Measures will be introduced to tighten the dividend exemption available to Australian companies with non-portfolio interests in foreign companies (great than 10% holding of the company’s voting interests). Also the tax deduction for interest expenses incurred in deriving certain foreign exempt income will be removed.
Investors with franking credit tax offset entitlements of more than $5,000 will be prevented from engaging in “dividend washing” thus claiming two sets of franking credits on effectively the same parcel of shares.
Various measures will be introduced to close loopholes in the consolidation regime following recommendations from the Board of Taxation.
The immediate deduction for the cost of assets first used for exploration will be amended to exclude mining rights and information.
In relation to the foreign residents’ CGT regime, a 10% non-final withholding tax will be introduced and the principal asset test will be amended.
There will be no CGT implications resulting from the transfer of native title rights (or the right to a native title benefit) to an Indigenous holding entity or Indigenous person, or from the creation of a trust that is an Indigenous holding entity over such rights.
The Government did not announce any new major superannuation measures in last nights Budget. Most of the key announcements regarding superannuation were made pre-budget and confirmed in the budget last night. These measures include:
Tax free pension earnings being capped at $100,000 from 1 July 2014
An Increase in the super contribution cap to $35,000 for older Australians from 1 July 2013 (for over 60s) and 1 July 2014 (for 50-59 year olds)
The ability to withdraw excess super contributions from 1 July 2013
In addition, a range of minor superannuation measures were introduced in last nights Budget, including:
Amendments to the 2012/13 Budget measure to reduce the higher tax concession for superannuation contributions of very high income earners, effective from 1 July 2012.
The eligibility criteria for the low income superannuation contribution rules will be amended to now pay individuals with an entitlement below $20.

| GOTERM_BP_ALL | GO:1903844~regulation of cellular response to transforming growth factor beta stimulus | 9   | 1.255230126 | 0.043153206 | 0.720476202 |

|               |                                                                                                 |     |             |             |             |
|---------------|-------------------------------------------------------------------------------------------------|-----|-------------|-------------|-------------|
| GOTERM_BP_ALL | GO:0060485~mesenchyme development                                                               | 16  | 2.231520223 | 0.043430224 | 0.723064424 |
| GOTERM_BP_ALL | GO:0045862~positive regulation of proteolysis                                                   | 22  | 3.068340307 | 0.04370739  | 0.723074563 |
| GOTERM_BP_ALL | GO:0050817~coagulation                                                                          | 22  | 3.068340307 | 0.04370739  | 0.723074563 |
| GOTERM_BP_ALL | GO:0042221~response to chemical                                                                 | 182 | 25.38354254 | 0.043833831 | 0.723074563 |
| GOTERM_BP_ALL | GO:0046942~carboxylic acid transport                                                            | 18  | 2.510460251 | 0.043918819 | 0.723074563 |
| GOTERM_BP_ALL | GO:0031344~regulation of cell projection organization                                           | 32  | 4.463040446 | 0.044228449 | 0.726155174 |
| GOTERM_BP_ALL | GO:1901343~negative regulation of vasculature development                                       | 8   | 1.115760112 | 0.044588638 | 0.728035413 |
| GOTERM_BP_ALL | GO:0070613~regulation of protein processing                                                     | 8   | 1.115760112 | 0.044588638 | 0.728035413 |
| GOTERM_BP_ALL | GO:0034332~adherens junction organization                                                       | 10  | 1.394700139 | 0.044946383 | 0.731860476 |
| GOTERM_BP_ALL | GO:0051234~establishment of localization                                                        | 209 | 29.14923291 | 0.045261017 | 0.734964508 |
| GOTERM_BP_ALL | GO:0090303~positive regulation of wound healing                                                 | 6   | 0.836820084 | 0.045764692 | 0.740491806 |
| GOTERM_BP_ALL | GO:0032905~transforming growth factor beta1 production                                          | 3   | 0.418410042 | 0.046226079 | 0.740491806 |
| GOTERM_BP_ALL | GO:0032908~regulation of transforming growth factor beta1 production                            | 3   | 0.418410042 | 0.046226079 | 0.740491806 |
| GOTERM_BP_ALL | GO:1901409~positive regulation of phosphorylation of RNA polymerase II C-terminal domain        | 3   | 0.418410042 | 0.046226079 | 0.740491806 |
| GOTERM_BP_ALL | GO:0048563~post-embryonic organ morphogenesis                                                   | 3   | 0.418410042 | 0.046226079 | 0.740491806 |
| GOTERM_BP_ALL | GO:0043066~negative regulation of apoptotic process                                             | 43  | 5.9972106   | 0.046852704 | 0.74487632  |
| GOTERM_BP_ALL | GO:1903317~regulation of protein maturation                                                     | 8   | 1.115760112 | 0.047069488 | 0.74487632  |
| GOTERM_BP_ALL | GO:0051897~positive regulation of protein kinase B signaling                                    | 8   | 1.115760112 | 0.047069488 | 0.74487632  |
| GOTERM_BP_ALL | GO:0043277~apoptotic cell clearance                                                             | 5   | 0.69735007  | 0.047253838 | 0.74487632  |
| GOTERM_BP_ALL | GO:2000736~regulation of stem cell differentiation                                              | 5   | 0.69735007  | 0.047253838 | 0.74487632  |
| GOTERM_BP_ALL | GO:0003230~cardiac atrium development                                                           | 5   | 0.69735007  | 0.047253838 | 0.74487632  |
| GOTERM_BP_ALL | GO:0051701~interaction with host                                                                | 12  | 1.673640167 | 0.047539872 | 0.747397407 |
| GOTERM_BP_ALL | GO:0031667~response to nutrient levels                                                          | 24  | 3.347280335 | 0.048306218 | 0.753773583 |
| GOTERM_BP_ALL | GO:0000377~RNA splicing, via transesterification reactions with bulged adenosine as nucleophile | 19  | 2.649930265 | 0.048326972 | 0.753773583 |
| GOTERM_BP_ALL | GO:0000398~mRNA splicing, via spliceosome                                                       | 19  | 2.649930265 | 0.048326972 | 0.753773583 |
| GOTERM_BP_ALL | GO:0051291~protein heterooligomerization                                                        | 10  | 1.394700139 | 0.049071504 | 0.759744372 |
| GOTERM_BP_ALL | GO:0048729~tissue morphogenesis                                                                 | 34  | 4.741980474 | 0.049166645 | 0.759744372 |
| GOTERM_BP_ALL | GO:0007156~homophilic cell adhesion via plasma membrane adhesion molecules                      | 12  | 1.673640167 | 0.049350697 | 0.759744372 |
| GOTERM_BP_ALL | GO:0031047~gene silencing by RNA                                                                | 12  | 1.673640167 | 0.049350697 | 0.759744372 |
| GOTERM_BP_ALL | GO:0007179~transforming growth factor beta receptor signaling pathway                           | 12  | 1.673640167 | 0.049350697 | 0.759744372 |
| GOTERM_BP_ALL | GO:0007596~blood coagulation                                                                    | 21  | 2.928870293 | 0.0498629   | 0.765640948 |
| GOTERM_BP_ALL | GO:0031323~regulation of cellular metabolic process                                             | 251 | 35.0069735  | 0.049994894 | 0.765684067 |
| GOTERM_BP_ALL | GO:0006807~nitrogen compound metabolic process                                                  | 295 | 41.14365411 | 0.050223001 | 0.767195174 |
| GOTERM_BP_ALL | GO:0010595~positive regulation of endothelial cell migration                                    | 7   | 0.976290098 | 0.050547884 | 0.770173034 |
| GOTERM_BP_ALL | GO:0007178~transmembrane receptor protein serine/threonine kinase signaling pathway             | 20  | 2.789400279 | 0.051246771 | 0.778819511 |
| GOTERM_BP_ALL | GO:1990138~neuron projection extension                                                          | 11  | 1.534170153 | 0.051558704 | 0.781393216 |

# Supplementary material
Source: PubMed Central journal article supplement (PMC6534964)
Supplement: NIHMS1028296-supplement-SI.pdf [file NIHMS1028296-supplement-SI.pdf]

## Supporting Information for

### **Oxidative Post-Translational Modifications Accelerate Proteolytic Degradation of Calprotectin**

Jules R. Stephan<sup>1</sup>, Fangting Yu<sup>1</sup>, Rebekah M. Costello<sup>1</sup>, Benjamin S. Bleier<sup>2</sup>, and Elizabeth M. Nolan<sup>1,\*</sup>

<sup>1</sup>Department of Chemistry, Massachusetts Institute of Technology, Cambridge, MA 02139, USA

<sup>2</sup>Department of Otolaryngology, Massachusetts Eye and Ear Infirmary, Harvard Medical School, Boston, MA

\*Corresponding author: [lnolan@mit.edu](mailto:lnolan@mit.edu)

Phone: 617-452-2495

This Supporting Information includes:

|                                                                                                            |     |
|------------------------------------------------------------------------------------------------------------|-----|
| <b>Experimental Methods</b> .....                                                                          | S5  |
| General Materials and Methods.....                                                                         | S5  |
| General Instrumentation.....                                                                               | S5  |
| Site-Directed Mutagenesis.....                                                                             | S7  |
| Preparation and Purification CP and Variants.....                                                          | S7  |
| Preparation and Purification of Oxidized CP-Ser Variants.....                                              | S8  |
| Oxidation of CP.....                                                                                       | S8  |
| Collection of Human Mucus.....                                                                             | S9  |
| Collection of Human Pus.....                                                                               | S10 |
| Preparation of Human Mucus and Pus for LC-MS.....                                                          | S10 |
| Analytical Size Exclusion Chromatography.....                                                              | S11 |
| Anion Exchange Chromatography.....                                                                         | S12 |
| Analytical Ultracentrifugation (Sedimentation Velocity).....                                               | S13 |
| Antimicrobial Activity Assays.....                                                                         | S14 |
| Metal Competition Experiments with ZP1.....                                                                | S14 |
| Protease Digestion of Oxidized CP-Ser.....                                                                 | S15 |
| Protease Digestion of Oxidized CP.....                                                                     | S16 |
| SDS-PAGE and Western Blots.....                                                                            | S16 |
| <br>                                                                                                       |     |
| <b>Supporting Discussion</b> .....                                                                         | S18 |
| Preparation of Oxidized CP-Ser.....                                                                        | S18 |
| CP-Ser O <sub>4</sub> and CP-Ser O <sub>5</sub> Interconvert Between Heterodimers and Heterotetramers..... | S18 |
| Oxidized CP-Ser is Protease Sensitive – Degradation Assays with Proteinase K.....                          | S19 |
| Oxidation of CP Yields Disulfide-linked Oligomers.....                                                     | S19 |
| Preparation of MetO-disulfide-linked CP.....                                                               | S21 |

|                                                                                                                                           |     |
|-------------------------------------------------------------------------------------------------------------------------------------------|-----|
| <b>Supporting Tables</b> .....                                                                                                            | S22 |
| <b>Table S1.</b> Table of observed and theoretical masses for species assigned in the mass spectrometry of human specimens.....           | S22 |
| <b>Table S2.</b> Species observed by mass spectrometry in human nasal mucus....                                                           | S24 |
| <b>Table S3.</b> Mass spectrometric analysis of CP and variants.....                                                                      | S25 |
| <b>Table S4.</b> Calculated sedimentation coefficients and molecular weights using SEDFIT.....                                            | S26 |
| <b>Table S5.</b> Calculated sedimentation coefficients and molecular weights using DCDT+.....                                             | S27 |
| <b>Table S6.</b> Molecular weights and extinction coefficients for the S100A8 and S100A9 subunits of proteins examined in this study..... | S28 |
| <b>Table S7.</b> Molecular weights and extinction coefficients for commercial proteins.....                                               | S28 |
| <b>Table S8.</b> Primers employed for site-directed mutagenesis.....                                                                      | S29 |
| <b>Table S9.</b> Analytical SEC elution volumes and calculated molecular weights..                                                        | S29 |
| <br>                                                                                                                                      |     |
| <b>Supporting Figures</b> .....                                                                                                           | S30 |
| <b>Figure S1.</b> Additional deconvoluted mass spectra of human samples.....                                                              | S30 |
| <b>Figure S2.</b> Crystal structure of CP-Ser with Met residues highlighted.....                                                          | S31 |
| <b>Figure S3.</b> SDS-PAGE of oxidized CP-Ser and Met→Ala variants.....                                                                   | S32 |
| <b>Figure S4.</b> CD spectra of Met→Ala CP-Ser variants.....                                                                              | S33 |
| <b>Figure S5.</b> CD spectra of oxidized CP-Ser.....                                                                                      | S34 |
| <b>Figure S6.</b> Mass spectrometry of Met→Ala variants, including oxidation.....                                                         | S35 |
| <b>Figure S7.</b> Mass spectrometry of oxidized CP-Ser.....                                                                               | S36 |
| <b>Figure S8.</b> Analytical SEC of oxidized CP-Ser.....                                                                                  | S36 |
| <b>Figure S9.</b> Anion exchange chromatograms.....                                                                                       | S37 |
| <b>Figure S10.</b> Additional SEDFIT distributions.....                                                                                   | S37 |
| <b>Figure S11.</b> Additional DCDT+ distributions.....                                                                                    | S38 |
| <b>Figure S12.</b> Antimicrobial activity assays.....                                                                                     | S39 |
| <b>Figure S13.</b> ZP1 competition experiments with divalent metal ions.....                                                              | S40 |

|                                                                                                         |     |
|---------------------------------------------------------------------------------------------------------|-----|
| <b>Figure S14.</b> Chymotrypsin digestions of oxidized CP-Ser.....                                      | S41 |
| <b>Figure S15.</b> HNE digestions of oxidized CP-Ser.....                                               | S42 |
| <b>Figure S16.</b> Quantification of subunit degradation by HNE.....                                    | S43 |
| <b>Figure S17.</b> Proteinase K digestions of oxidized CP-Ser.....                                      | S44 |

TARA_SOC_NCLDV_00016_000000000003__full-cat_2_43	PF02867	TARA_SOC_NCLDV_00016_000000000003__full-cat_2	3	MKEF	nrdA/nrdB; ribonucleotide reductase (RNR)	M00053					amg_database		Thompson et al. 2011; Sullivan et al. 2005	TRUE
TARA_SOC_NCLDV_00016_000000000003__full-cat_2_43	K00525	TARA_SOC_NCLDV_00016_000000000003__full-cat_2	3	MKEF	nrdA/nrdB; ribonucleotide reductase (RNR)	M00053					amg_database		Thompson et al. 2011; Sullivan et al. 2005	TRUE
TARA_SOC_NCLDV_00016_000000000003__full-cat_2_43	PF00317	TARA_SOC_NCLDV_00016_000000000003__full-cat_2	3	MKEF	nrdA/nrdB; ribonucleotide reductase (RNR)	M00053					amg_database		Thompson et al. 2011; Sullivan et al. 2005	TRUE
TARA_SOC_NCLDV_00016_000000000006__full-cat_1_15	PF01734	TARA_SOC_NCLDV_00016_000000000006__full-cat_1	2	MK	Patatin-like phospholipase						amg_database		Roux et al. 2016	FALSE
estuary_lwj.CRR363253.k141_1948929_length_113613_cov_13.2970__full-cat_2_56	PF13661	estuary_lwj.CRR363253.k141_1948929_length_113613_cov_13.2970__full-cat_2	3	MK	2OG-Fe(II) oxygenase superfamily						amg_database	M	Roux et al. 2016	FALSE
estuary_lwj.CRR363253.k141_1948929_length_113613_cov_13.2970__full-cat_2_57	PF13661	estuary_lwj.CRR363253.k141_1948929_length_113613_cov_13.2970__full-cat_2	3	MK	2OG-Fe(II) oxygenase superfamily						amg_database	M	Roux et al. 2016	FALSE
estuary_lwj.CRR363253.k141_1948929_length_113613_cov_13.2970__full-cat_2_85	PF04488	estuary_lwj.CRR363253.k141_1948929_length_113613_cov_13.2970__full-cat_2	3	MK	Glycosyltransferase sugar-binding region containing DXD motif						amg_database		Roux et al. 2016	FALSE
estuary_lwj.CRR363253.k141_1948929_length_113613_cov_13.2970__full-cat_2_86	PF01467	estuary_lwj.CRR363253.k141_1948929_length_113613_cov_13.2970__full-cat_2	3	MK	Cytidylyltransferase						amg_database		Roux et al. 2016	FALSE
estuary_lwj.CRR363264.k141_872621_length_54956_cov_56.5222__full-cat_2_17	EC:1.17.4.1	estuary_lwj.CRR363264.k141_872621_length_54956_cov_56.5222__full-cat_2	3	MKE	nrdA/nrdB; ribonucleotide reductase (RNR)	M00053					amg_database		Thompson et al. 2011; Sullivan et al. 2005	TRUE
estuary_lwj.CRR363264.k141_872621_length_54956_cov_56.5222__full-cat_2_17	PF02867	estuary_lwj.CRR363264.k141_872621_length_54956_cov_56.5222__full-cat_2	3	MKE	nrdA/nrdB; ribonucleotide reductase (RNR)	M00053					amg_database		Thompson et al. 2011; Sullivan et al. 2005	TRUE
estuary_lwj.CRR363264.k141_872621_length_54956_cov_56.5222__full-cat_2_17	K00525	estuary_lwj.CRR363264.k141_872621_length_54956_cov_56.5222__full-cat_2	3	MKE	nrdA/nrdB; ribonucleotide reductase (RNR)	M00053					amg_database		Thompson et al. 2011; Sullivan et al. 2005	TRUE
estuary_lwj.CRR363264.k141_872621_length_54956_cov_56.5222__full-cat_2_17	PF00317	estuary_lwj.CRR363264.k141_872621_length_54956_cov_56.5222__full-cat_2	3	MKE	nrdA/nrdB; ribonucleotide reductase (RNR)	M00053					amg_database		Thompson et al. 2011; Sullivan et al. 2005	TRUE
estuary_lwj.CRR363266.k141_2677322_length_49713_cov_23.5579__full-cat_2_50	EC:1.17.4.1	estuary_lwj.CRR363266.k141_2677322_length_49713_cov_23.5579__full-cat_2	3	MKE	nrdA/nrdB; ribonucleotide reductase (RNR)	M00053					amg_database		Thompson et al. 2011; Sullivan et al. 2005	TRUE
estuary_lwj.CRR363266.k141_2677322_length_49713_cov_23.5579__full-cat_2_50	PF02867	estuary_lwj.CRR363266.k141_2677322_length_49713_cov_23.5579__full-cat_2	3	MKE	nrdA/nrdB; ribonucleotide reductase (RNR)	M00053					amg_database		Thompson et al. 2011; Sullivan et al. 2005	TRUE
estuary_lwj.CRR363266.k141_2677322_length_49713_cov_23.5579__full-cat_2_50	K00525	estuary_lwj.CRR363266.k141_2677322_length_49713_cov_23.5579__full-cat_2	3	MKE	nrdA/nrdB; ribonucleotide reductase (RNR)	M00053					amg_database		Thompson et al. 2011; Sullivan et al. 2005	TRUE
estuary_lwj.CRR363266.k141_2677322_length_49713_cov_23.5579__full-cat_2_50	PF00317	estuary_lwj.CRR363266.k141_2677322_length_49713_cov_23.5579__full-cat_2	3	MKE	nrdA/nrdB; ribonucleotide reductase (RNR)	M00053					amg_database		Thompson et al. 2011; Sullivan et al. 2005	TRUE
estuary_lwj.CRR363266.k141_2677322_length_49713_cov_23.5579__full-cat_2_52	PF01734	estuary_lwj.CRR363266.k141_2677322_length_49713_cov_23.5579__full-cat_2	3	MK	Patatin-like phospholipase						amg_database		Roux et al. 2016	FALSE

Additional funding of $2.6m will be provided to support the operations of the Superannuation Complaints Tribunal.
Non-corporate entities with turnover of $1b or more will be required to make monthly PAYG instalments from 1 January 2016, and those with turnover of $20m or more will be required to make monthly PAYG instalment payments from 1 January 2017. Some entities with a turnover of less than $100m that report GST quarterly or annually are excluded, and a modified turnover test applies to entities in the taxation of financial arrangements regime.
$67.9m will be provided over four years to the Tax Office to undertake compliance activity in relation to taxpayers who have been involved in egregious tax avoidance and evasion using trust structures.
The Tax Office will increase compliance activity targeted at restructuring activity that facilitates profit-shifting opportunities.
$77.8m will be provided over four years to the Tax Office to improve compliance by expanding data matching with third party information.
The government will provide $80.2m over the forward estimates period to the Tax Office and the Department of Finance and Deregulation to strengthen up-front checks for issuing Australian Business Numbers and encourage the use of AUSkey.
The government will provide funding of $1.4m for a single, online registration for certain financial advisors registered with the Australian Securities and Investments Commission.